When you’re used to playing music in the standard 4/4 time signature, switching to 6/8 can be confusing. Most modern songs stick with the common time 4-beat measure, but some older songs (gospel hymnals and classical music in particular) use it all – anything from 6/8, 9/8 and 12/8 to 3/4, 4/4 and 6/4.
To understand any time signature used in music, you first have to understand what the numbers mean. The top number is pretty easy. It is simply the number of beats per measure. If the top number is 4, then there will be 4 beats for each measure. If it’s 6, there will be 6 beats, and so on.
The bottom number of time signature is the unit of measurement. This is a little more tricky to understand, but it basically means that the bottom number controls the top number by telling how many beats each note will get.
In other words, the top number of a song’s time signature tells how many beats per measure, and the bottom number tells how many beats per note.
For example, in 4/4 time, a quarter note gets 1 count. This is the count most people know. And the reason it gets the full count or beat is because the bottom number of the time signature, which is 4, told the top number to get the whole count for each note.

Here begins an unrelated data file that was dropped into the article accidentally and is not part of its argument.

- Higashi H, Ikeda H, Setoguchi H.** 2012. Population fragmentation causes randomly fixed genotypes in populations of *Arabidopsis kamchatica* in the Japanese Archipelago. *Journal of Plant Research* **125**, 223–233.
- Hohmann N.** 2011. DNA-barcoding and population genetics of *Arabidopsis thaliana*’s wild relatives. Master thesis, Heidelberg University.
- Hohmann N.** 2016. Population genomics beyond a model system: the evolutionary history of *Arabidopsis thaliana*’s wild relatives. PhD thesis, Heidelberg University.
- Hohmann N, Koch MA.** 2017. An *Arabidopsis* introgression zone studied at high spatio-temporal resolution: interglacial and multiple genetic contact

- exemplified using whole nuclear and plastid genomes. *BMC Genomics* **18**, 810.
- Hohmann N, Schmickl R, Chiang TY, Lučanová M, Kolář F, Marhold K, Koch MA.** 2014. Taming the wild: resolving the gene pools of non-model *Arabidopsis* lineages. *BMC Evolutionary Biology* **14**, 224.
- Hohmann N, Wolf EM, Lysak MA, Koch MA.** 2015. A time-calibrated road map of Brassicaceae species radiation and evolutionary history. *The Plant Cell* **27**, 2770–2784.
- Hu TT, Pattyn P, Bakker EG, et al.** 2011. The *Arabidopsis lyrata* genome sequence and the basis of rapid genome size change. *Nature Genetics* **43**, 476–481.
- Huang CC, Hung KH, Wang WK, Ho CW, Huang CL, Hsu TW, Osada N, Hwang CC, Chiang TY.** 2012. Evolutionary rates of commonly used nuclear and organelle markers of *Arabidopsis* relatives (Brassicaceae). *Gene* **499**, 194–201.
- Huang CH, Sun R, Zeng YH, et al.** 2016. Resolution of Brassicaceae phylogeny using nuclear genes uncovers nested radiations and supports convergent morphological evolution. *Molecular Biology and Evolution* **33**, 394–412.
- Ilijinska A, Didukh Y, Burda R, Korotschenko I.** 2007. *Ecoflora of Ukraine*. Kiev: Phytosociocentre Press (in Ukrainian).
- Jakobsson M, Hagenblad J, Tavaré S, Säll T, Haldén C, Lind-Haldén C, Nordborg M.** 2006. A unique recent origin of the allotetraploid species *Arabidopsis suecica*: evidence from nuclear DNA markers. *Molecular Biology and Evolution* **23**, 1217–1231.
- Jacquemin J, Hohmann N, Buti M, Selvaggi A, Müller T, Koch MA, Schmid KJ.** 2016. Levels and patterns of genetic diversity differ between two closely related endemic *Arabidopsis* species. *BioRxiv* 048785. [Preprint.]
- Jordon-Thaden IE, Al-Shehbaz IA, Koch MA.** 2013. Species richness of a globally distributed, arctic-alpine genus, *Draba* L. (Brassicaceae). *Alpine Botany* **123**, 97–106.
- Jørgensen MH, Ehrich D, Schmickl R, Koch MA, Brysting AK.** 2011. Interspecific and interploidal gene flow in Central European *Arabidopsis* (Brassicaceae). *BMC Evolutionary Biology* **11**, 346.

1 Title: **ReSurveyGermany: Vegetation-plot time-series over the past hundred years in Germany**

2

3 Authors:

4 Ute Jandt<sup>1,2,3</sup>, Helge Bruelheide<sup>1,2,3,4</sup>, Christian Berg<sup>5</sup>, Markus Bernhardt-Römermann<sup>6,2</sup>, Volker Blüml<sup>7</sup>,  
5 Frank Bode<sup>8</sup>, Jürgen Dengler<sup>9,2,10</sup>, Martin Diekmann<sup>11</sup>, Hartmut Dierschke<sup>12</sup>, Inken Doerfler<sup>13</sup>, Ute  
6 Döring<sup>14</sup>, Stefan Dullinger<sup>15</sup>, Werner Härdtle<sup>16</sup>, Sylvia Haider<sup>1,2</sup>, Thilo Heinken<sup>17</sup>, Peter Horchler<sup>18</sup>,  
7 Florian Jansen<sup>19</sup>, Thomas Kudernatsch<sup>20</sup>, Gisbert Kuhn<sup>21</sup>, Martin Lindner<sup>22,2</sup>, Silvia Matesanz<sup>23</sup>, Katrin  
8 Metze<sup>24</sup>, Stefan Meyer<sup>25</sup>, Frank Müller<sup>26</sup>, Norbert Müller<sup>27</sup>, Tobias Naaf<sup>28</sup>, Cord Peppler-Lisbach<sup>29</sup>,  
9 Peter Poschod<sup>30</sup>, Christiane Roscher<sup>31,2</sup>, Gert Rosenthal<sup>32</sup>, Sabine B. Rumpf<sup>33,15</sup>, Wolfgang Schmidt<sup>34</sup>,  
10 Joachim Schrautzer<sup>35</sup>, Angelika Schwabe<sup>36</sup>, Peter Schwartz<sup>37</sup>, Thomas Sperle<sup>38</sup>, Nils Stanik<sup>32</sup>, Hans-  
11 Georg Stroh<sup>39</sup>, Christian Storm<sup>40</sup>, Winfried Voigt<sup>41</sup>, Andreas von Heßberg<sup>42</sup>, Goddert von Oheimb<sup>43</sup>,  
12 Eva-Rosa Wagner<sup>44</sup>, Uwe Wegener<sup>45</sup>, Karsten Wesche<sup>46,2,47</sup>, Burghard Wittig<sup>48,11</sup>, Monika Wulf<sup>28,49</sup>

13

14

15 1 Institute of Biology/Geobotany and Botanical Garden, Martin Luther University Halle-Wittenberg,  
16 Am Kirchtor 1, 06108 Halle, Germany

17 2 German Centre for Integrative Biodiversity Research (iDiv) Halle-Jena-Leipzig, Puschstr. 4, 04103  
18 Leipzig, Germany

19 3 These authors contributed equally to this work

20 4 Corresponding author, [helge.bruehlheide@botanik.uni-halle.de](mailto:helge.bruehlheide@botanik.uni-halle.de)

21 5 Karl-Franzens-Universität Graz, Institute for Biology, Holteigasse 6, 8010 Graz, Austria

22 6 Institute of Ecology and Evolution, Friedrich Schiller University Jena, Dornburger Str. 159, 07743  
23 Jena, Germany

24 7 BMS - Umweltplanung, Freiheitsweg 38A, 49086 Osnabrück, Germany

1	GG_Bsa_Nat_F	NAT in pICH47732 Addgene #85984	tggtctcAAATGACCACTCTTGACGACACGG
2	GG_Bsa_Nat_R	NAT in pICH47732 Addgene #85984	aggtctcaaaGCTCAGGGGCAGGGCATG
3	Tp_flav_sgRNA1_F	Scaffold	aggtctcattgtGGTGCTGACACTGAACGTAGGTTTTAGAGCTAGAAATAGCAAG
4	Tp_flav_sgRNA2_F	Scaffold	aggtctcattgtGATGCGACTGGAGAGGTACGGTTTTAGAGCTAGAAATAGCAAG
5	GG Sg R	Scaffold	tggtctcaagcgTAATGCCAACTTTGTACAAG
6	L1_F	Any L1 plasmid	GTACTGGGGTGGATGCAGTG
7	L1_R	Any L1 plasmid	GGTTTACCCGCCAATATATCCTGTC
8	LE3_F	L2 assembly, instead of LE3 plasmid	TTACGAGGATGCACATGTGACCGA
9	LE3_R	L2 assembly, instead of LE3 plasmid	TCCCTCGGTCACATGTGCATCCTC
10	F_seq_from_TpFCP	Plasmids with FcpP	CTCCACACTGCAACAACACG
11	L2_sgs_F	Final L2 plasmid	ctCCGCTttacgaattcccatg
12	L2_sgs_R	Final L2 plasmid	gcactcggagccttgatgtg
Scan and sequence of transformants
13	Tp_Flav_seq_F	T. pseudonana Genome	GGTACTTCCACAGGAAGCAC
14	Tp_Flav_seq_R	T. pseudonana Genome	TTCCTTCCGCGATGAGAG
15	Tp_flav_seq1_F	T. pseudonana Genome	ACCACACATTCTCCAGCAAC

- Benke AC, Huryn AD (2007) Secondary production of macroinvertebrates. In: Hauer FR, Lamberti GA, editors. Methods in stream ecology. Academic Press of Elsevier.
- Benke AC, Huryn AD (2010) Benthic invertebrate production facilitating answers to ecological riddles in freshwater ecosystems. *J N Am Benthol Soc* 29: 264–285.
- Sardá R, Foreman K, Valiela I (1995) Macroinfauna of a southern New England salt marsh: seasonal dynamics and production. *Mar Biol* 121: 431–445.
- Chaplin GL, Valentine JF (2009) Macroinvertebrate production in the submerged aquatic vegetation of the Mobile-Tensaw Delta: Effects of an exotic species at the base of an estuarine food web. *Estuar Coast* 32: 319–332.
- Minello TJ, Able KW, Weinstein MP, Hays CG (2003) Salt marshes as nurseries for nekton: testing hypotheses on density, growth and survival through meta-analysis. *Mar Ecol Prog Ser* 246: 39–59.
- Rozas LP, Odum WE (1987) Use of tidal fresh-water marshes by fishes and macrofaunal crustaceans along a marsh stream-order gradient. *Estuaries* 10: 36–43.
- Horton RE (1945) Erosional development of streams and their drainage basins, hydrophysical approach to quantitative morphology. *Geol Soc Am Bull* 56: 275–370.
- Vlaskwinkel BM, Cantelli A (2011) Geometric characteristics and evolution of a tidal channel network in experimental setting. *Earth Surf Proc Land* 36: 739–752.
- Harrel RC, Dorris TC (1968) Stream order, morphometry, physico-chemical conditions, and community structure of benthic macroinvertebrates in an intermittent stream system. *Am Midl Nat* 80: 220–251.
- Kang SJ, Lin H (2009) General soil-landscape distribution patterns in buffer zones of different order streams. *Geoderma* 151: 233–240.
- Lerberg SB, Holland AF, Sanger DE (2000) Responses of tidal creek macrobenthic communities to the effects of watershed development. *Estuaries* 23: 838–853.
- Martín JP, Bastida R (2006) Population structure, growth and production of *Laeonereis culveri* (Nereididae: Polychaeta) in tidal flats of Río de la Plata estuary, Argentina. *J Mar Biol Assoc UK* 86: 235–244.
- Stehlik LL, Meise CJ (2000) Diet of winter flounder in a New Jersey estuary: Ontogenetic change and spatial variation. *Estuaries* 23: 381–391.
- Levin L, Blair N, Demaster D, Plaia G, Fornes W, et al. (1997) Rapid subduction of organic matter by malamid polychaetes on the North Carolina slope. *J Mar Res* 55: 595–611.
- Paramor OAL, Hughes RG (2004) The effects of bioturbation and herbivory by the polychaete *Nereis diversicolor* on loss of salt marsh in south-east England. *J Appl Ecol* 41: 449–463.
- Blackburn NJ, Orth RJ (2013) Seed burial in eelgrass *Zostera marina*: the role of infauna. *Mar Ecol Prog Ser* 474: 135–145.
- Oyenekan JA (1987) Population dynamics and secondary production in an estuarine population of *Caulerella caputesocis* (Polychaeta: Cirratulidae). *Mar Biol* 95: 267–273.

But what happens to the notes in 6/8 time signature?
Just as notes are cut in half for 2/2 time* (see below), each note will double in 6/8. An eighth note in 6/8 will receive the quarter note’s usual 1 count, while a quarter note will now receive 2 counts. Click the following image to see a larger view of a few 6/8 note examples.
As you can see from this image, a dotted quarter note, a half note, and a dotted half are also doubled in the 6/8 time signature. When played, 6/8 has a similar sound and feel as 3/4 and other compound time signatures.
The best way to learn about time signatures in music is from practice. As you study songs with a 6/8 time signature, it will begin to make more sense.
To get started, see the song example below of "There Shall Be Showers of Blessing" written in 6/8. Notice how the first measure includes six 8th notes, yet each are receiving a full quarter note beat of one.
Count along with the song to the end, and it will become easier and easier to understand.
* In 2/2 time (also called “cut time”), all notes are cut in half. A quarter note in 2/2 receives only an eighth of a count – because the bottom number of the time signature is now 2, which is obviously “half” of 4.
Normally, 4 quarter notes per measure would equal 4 beats in 4/4, but in 2/2 time, 4 quarter notes equals two beats, which is the equivalent of four 8th notes in 4/4. This is due to the time signature’s bottom number of 2 cutting the timing in half.